Q&A with Pete Chadwick of SUSE
VSM: Can you outline the strengths and weaknesses present within the public vs. private cloud debate?
PC: Since the emergence of cloud computing, this question has been a source of great debate within the industry. Regardless of which cloud an enterprise chooses, there are two high-level advantages to cloud computing as a whole – reduced cost and increased agility (i.e., being able to respond faster to changes within the business’ IT infrastructure). Each advantage can be used to differentiate the benefits and weaknesses of each cloud model.
Many industry leaders argue that public clouds are the only form of cloud computing which have real value in agility and cost avoidance across the enterprise. That is, IT doesn’t have to pay for any capacity until they need it. Public clouds also allow IT to spin capacity up or down in a matter of minutes. Thus, the enterprise only pays for the infrastructure and capacity they need when they need it, affording them agility and cost-effectiveness.
The weakness to a public cloud strategy is that IT doesn’t have complete transparency or control when it comes to knowing exactly where data and workloads reside. This lack of control is not ideal for highly sensitive workloads, given the need for ultimate control and manageability needed to assure all assets are safe. Thus, for workloads in need of less supervision, the public cloud works best.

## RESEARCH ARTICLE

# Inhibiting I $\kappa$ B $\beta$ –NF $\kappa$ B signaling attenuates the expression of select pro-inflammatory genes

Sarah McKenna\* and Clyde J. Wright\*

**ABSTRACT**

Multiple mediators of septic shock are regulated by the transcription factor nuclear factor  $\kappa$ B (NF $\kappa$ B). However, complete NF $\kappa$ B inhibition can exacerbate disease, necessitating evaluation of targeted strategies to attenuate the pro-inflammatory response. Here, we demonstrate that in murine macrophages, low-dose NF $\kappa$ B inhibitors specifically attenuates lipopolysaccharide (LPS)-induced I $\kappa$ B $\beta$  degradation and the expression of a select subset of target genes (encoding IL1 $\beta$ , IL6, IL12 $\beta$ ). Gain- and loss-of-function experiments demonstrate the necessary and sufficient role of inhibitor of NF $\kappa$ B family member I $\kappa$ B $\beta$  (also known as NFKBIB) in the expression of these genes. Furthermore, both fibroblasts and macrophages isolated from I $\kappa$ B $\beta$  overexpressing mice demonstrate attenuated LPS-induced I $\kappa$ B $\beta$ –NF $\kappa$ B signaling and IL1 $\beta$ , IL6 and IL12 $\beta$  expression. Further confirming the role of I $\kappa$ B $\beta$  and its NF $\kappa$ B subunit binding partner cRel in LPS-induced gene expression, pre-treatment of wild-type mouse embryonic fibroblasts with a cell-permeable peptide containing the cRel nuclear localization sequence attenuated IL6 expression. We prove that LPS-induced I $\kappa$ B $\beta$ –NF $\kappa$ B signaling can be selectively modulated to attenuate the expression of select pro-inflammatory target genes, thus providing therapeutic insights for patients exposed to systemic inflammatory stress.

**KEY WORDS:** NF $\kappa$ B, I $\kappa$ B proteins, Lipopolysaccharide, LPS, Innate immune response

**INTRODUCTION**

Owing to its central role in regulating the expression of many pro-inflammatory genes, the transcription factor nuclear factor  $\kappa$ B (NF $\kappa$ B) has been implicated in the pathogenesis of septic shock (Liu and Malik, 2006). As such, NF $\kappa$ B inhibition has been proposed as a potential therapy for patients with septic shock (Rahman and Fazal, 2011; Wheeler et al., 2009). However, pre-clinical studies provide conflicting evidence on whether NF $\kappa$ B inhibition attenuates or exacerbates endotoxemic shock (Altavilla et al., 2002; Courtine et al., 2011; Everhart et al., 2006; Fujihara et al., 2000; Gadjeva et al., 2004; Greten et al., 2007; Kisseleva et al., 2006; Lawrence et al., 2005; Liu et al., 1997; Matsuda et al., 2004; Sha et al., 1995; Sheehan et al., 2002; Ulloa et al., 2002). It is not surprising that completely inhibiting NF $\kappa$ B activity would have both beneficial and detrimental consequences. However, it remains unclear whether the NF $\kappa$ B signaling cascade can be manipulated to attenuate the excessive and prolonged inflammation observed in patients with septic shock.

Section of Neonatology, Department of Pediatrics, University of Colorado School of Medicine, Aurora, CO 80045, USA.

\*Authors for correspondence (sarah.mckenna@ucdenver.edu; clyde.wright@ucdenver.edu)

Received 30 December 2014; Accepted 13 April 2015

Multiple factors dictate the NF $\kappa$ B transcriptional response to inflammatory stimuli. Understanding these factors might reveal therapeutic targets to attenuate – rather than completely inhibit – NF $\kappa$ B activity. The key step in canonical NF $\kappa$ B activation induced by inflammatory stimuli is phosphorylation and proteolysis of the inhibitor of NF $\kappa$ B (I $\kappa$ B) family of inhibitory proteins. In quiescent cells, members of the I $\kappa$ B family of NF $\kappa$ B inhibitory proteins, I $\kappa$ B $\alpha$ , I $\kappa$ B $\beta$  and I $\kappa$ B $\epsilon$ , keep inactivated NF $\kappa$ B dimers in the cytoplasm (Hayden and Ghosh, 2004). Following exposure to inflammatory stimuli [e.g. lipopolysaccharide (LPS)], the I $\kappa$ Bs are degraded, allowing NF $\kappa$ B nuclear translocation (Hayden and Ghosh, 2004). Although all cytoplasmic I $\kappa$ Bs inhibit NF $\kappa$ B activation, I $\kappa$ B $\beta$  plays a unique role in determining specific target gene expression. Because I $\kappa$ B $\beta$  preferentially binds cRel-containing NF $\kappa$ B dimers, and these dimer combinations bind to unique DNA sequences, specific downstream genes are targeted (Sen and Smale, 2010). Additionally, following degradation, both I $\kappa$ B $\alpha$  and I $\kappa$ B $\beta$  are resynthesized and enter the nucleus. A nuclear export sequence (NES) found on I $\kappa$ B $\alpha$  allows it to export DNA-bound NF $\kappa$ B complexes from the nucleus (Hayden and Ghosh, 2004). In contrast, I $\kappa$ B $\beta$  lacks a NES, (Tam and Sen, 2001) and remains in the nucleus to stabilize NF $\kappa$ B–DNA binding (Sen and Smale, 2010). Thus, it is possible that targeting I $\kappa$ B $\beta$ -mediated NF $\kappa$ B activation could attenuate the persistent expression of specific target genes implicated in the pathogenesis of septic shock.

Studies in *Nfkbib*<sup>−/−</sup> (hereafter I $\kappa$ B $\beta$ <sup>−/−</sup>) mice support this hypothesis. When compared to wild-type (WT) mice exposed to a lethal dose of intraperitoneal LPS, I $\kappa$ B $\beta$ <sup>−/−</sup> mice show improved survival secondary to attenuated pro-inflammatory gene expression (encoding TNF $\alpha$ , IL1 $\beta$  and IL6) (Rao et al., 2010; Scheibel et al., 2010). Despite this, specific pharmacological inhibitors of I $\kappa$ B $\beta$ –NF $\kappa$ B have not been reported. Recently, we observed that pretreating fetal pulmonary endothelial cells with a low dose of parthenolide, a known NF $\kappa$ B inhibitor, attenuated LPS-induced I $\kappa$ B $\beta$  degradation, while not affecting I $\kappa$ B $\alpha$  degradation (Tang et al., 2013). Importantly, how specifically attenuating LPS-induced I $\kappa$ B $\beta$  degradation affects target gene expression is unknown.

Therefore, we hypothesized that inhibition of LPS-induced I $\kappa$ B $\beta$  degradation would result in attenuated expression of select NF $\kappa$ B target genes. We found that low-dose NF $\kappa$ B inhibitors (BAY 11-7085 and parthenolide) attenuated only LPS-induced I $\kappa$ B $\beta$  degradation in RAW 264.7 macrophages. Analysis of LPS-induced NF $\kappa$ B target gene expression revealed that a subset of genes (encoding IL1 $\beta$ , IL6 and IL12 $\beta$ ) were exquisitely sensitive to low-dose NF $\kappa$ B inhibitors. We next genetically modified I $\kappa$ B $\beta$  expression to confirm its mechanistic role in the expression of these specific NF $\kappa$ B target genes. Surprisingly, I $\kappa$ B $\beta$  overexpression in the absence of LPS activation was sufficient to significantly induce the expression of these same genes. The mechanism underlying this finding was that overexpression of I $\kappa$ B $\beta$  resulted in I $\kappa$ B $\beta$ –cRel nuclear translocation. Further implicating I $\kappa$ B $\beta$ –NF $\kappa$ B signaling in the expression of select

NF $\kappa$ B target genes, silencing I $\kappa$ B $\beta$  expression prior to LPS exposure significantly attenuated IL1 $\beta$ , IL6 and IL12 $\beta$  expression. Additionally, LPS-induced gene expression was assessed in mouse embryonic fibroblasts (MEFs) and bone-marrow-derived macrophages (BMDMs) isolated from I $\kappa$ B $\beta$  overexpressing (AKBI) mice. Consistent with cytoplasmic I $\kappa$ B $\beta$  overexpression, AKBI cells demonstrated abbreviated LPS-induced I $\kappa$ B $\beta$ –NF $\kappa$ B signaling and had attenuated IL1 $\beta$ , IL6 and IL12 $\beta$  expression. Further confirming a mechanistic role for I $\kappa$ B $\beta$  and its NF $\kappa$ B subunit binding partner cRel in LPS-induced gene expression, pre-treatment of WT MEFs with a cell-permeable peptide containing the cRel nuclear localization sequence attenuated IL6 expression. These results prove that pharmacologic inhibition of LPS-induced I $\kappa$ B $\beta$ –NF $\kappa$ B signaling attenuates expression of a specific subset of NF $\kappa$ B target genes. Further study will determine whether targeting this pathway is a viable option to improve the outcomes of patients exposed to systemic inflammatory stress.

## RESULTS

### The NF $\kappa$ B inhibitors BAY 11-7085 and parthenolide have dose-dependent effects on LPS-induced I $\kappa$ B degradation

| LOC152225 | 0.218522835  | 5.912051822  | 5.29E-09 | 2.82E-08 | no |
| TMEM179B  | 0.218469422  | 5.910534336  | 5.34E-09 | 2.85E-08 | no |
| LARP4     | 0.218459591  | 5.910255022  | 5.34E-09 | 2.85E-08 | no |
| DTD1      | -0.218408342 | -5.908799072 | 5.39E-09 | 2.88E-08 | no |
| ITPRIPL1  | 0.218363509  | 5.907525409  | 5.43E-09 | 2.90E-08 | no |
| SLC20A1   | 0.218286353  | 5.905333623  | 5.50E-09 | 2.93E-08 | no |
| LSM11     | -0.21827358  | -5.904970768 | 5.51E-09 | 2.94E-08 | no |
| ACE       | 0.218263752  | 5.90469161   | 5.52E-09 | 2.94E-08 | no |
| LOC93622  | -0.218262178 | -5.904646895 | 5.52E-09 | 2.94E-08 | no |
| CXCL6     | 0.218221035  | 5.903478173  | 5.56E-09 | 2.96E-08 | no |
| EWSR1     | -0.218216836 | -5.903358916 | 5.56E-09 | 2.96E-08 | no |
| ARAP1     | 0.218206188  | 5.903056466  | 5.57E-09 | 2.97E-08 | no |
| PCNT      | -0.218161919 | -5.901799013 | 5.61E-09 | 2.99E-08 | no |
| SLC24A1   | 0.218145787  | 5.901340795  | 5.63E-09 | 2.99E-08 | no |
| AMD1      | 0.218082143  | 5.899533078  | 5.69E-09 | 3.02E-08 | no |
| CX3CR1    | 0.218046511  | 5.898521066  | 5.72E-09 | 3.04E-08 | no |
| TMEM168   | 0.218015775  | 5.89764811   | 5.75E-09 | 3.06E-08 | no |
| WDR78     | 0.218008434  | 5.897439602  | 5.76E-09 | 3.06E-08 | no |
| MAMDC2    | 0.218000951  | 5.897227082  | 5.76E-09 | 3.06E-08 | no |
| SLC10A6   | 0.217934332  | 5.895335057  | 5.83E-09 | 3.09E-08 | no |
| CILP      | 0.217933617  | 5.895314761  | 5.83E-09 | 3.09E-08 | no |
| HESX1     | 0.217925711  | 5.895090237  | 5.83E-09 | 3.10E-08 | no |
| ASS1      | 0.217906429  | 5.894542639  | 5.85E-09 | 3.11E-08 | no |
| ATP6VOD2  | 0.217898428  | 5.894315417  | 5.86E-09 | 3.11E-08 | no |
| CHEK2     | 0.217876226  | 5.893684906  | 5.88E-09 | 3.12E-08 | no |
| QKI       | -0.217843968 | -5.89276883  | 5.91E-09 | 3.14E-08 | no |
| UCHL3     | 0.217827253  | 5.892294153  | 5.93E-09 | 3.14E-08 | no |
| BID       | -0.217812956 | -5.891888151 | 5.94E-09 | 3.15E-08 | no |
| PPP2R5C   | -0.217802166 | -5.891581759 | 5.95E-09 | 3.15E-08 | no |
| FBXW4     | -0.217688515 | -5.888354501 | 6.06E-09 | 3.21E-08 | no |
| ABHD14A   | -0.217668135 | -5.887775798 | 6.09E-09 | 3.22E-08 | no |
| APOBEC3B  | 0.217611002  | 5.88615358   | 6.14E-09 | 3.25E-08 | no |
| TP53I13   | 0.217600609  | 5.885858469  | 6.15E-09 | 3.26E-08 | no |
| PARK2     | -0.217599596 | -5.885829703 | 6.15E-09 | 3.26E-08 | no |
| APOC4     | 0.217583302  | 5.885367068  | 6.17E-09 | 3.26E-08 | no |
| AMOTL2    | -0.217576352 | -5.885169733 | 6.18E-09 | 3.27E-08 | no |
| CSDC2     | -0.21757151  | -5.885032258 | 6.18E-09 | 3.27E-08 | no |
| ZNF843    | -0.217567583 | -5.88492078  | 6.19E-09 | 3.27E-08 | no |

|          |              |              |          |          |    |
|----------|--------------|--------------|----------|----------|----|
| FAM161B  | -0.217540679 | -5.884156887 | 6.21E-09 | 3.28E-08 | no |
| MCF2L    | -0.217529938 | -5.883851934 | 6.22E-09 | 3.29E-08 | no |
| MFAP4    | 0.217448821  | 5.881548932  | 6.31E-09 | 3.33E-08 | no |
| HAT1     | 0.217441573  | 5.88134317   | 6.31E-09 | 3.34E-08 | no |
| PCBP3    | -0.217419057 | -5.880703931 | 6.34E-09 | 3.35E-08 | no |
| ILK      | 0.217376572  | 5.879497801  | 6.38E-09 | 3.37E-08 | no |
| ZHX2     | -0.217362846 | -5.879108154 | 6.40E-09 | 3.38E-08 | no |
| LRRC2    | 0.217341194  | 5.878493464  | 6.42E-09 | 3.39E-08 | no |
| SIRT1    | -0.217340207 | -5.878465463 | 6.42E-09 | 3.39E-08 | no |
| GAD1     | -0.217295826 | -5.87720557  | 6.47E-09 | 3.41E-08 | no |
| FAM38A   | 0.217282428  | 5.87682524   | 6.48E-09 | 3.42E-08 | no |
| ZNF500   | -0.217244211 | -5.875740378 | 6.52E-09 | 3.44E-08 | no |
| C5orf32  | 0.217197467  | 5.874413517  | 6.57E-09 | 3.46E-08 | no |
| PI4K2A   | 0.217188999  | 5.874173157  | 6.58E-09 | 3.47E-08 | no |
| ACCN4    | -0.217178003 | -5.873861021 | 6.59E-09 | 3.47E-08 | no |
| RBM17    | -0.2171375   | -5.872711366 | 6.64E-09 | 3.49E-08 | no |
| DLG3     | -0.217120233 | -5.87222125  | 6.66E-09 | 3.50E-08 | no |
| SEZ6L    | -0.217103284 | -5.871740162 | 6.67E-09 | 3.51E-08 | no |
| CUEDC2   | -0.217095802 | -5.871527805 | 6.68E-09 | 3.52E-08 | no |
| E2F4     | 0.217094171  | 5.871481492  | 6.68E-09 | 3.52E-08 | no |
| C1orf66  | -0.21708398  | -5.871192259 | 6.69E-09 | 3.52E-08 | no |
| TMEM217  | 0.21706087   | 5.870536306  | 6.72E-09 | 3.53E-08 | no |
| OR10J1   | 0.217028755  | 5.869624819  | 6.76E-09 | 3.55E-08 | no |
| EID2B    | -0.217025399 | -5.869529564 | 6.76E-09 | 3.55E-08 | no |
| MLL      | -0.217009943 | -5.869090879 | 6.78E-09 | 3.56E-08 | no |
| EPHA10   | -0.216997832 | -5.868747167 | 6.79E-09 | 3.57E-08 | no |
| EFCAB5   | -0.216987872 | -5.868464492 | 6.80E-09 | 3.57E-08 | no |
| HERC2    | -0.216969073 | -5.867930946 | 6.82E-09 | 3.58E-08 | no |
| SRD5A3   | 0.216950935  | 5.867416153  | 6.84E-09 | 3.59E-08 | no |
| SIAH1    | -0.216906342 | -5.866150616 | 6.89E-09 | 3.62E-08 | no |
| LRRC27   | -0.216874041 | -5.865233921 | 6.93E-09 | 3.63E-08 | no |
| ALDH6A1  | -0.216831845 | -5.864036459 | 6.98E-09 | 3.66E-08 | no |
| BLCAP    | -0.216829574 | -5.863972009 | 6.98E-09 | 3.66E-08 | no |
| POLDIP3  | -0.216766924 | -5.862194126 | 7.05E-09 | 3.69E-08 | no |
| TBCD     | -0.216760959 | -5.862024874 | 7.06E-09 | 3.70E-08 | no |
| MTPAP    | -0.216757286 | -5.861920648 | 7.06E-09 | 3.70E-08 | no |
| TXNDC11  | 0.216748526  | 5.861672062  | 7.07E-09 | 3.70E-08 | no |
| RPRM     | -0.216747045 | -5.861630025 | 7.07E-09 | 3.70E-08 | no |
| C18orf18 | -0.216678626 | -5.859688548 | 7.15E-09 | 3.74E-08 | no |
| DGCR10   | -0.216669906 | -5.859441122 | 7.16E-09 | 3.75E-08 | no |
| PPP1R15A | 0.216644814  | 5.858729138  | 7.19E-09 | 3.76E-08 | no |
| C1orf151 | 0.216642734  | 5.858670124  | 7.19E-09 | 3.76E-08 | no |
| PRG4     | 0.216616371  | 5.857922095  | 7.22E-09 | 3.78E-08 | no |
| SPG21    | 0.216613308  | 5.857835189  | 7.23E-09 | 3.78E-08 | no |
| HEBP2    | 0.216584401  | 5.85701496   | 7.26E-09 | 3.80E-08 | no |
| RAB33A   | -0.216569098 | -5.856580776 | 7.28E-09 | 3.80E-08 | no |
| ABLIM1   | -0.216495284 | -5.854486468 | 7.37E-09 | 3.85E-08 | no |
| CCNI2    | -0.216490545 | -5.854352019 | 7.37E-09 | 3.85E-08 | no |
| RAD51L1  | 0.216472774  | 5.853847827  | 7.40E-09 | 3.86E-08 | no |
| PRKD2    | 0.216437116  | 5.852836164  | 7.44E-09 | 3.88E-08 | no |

Conversely, private cloud environments allow the enterprise complete control: IT knows exactly where data resides and exactly which servers are processing workloads. The infrastructure can also be configured in a variety of ways that best serve the objectives of the business. Whereas in the public cloud there is less control, in a private cloud there is absolutely no chance of data migrating to any place outside of where IT wants it to. While private clouds do not avoid all of the up-front capital costs of a public cloud, the enterprise should still see savings thanks to improved server utilization and lower administrative expense.
VSM: Do you think one model will prevail over the other?
PC: We shouldn't think in terms of one cloud model prevailing over the other; enterprises should be examining how they can take advantage of both models. Thus, they will likely enter into some form of a hybrid cloud environment, opting instead for the ultimate blend of control and agility. For core parts of the infrastructure (those which contain the most important or sensitive data), IT will want to have full control from start to finish (building out the data center, managing it, etc.) so they know exactly where the workloads are running. Therefore this is best handled in a private cloud. At the same time, there will be a set of applications where IT is less concerned which servers are running those particular workloads and are not worried about security and compliance risks. In those cases, the elements of a public cloud are best suited. The key is that an IT department utilizes the strengths of each model for the cloud infrastructure that best fits its organization.